An official website of the United States government.

The .gov means it’s official.
Federal government websites always use a .gov or .mil domain. Before sharing sensitive information online, make sure you’re on a .gov or .mil site by inspecting your browser’s address (or “location”) bar.

This site is also protected by an SSL (Secure Sockets Layer) certificate that’s been signed by the U.S. government. The https:// means all transmitted data is encrypted — in other words, any information or browsing history that you provide is transmitted securely.

European Gypsy Moth

View all resources
European Gypsy Moth
European Gypsy Moth, Pinned specimen of adult European/North American female (top) and male (bottom); USDA, APHIS, Plant Protection and Quarantine Archives
Scientific Name: 

Lymantria dispar Linnaeus (ITIS)

Common Name: 

Gypsy moth, European gypsy moth (EGM)

Native To: 

Europe (CABI)

Date of U.S. Introduction: 
Means of Introduction: 

Imported for silk production (Smithsonian 1999)

Impact: 

Defoliates trees (Smithsonian 1999)

Spotlights

USDA. Animal and Plant Health Inspection Service.

Effective immediately, the Animal and Plant Health Inspection Service (APHIS) is adding Eau Claire and Richland Counties in Wisconsin to the list of quarantine areas for gypsy moth (GM). The GM populations in these counties have reached the threshold to trigger the quarantine expansion. To prevent the further spread of GM, the attached Federal Order (PDF | 186 KB) establishes Eau Claire and Richland Counties in Wisconsin as quarantine areas. Effective immediately, all interstate movement of GM-regulated articles from Eau Claire and Richland Counties must be handled in accordance with the attached Federal Order. Wisconsin has established a parallel state quarantine.

Entomological Society of America.

Names change marks launch of Entomological Society of America (ESA) effort to review, revise problematic insect common names. The ESA has removed “gypsy moth” and “gypsy ant” as recognized common names for two insect species in its Common Names of Insects and Related Organisms List.

The changes are made in conjunction with the launch of a new ESA program to review and replace insect common names that may be inappropriate or offensive. Entomologists, scientists in related fields, and the public are invited to participate in identifying and proposing alternatives for insect common names that perpetuate negative ethnic or racial stereotypes.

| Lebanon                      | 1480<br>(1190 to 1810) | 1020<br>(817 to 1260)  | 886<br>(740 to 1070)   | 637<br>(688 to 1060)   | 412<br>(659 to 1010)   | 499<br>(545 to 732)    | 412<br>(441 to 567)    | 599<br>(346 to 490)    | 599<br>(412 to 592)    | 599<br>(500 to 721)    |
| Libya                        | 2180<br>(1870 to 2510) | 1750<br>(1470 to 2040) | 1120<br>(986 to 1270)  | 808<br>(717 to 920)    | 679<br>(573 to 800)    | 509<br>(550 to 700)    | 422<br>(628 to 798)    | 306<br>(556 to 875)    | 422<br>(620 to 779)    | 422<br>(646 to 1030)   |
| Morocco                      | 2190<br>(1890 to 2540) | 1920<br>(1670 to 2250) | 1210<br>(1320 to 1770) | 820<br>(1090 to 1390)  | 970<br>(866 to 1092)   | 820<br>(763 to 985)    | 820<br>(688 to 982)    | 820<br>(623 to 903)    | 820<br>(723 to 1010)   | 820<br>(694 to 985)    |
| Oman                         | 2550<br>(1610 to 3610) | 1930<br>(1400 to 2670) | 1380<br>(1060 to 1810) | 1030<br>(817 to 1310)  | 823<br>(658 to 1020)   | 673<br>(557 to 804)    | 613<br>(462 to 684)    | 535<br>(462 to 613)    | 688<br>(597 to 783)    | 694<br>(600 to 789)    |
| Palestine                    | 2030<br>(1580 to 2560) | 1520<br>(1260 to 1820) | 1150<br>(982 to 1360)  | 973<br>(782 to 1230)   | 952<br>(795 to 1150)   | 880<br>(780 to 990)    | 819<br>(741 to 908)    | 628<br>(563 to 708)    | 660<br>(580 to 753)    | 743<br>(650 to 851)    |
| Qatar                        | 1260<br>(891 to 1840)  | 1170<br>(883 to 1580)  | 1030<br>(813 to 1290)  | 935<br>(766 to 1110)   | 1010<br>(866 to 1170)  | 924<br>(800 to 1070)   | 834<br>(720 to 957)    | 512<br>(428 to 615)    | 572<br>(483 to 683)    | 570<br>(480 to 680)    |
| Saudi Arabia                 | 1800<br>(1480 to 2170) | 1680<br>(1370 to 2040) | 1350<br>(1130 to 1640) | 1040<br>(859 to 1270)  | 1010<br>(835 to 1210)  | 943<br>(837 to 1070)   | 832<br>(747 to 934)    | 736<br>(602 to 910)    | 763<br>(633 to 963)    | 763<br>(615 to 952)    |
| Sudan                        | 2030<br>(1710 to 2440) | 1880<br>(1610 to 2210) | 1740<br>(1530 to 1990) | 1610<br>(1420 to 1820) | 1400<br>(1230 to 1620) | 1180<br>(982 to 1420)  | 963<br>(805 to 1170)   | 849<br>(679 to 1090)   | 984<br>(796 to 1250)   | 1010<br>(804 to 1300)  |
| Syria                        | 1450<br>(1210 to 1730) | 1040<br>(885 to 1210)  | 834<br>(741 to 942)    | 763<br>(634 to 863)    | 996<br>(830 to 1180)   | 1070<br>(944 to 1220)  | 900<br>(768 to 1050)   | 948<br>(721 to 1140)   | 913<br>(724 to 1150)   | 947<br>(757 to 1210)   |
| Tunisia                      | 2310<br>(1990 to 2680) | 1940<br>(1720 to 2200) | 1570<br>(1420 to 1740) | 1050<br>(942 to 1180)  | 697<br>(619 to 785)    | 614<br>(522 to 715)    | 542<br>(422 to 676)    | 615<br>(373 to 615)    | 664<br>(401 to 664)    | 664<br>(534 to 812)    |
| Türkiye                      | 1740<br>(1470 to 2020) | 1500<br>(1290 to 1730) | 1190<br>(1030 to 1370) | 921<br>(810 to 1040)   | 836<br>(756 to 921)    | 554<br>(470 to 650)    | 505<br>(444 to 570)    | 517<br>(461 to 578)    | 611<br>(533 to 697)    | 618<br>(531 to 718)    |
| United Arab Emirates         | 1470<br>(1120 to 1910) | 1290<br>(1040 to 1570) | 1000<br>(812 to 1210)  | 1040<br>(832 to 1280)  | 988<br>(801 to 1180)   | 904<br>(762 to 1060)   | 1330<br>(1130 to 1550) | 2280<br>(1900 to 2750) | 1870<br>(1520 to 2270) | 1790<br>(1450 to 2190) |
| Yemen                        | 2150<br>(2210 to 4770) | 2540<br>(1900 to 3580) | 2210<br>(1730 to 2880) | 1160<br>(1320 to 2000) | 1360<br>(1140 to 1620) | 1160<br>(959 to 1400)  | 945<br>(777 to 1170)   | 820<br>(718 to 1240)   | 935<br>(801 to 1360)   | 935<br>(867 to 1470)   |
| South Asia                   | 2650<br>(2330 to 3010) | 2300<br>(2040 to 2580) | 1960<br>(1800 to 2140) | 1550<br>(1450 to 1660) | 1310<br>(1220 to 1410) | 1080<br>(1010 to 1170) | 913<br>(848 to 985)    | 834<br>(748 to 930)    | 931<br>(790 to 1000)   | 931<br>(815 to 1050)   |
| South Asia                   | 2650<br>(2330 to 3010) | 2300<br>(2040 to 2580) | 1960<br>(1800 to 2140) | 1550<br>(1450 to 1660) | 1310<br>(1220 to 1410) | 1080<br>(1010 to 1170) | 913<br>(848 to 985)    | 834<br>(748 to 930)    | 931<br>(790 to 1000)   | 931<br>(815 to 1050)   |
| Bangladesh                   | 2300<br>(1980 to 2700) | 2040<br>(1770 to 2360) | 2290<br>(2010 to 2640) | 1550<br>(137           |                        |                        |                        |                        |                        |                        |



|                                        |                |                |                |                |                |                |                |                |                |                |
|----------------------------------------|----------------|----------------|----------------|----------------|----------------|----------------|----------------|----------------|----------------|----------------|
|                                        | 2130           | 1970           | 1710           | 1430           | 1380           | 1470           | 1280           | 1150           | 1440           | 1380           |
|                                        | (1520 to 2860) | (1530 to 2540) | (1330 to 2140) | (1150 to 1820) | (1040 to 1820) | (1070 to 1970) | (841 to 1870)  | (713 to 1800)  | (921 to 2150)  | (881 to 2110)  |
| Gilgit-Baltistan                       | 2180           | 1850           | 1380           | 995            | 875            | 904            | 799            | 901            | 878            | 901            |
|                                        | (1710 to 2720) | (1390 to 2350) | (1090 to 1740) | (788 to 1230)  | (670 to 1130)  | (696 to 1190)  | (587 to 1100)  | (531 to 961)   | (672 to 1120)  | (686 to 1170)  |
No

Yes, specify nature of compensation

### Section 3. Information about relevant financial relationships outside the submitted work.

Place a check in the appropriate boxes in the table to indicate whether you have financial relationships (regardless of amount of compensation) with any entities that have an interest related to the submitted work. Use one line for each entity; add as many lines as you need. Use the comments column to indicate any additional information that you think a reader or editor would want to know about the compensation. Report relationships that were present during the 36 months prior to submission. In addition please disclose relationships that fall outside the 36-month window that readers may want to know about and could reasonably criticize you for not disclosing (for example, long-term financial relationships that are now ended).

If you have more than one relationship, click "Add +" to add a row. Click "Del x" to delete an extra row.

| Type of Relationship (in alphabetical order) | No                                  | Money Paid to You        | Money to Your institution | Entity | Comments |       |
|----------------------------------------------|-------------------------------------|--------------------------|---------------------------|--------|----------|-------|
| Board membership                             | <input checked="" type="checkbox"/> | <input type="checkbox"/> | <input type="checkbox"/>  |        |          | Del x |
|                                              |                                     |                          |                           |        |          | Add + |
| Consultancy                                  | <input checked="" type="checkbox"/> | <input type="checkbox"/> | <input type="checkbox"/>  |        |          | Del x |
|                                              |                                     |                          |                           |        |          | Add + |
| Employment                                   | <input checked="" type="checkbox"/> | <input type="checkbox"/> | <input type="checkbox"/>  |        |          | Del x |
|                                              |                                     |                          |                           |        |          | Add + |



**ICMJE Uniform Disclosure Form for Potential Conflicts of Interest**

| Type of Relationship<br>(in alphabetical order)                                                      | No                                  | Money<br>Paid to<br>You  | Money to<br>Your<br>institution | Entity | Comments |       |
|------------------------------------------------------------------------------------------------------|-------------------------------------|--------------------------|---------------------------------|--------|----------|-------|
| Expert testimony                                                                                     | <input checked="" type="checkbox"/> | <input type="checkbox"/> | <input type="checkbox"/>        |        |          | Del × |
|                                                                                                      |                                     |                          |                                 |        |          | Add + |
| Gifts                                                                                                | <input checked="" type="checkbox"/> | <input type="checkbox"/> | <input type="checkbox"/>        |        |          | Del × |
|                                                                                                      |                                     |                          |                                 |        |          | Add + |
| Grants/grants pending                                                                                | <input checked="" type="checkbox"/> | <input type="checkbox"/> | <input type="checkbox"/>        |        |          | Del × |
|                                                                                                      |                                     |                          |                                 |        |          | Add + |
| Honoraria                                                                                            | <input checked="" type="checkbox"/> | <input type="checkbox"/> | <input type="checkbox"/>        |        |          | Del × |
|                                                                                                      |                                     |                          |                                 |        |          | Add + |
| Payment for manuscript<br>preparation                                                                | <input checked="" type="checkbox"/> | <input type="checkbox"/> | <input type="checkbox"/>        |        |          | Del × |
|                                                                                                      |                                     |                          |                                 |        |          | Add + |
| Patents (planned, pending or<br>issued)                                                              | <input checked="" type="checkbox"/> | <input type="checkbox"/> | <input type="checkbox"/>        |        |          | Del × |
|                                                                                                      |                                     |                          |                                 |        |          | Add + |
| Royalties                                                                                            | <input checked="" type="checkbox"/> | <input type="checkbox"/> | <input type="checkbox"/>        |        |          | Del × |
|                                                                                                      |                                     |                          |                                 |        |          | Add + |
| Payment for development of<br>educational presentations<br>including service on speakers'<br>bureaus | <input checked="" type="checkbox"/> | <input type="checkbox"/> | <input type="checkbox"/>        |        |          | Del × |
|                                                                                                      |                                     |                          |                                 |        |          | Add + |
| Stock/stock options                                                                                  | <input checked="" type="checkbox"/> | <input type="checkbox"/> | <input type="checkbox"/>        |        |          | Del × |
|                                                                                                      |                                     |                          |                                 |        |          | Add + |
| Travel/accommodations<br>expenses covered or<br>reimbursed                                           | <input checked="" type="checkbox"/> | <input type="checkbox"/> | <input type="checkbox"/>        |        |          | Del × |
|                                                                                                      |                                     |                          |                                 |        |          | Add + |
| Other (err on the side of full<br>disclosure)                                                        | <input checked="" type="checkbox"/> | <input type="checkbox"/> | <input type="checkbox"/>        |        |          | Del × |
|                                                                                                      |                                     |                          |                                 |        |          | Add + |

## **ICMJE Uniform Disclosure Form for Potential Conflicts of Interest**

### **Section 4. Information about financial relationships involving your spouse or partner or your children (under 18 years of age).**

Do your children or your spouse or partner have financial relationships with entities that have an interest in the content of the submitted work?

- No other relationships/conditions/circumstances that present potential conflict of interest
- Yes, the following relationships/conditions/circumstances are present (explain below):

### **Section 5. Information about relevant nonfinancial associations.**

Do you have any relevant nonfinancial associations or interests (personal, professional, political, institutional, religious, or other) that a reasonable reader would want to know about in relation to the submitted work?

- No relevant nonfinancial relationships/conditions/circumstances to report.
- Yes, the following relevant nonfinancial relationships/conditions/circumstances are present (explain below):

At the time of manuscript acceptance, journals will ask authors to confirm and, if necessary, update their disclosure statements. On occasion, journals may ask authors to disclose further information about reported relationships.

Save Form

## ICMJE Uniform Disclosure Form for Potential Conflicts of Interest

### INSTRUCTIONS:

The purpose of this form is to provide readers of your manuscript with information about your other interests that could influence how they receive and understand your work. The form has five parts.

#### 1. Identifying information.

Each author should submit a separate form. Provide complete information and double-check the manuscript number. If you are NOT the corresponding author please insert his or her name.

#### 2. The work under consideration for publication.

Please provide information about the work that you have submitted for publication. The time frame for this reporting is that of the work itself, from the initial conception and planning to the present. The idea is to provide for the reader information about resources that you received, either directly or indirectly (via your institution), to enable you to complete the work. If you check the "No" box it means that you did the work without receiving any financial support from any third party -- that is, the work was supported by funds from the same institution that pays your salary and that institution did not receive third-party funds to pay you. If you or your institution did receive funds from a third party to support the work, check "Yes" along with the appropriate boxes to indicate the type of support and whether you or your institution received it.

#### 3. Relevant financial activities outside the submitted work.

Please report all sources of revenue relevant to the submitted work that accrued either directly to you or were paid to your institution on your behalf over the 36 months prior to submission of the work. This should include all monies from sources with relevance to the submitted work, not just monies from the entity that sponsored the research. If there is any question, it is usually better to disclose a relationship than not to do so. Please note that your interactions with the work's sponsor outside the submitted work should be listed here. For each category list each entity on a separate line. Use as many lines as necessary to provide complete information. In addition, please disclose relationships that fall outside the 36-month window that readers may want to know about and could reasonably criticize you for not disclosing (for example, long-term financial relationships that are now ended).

Vermont Agency of Agriculture, Food, and Markets.

Many people in Vermont are encountering gypsy moths (GM) for the first time. This invasive species arrived in the United States over 100 years ago and has been expanding its range ever since. They can be significant defoliators (leaf eaters) of trees and shrubs. They prefer oak trees, but when there are a lot of caterpillars around they will eat any type of leaf, including maple and pine. Vermont has not seen an outbreak of GM since 1991. At that time a fungus called Entomophaga maimaiga became prevalent in the area and significantly decreased the GM population. But the dry weather that we’ve experienced over the last few years has not been good for fungi, and the absence of fungi has allowed the GM numbers to increase.

USDA. Blog.

If you are moving this year from a location within the gypsy moth quarantine area to a location outside the quarantine area, please inspect outdoor household items for pests. This is a federal requirement for homeowners moving from gypsy moth quarantine areas.

By complying with the law, you may also save a forest. Gypsy moths are destructive, invasive pests! European gypsy moth larvae feed on over 300 plant species including oak, aspen and elm. Gypsy moths have defoliated more than 83 million acres in the United States since 1970. About 70% of susceptible forests have never been infested and are at risk.

Distribution / Maps / Survey Status

USDA. FS. Northern Research Station.

Select the non-indigenous forest pest to view maps depicting state and county distribution. Produced by: USDA, FS, Forest Health Protection, and its partners.

University of Georgia. Center for Invasive Species and Ecosystem Health.
Provides state, county, point and GIS data. Maps can be downloaded and shared.
USDA. APHIS. Cooperative Agricultural Pest Survey. National Agricultural Pest Information System.

Federally Regulated

U.S. Government Printing Office. Electronic Code of Federal Regulations.

U.S. Government Printing Office. Electronic Code of Federal Regulations.

USDA. Animal and Plant Health Inspection Service.

USDA. Animal and Plant Health Inspection Service.

See what states have a federal quarantine for any of the targeted Hungry Pests, and identify which pests or diseases are at greatest risk due to a suitable habitat. In addition to federal quarantines, state-level quarantines might apply see State Summaries of Plant Protection Laws and Regulations (National Plant Board).

Images

University of Georgia. Center for Invasive Species and Ecosystem Health.

Videos

Google. YouTube; Washington State Department of Agriculture.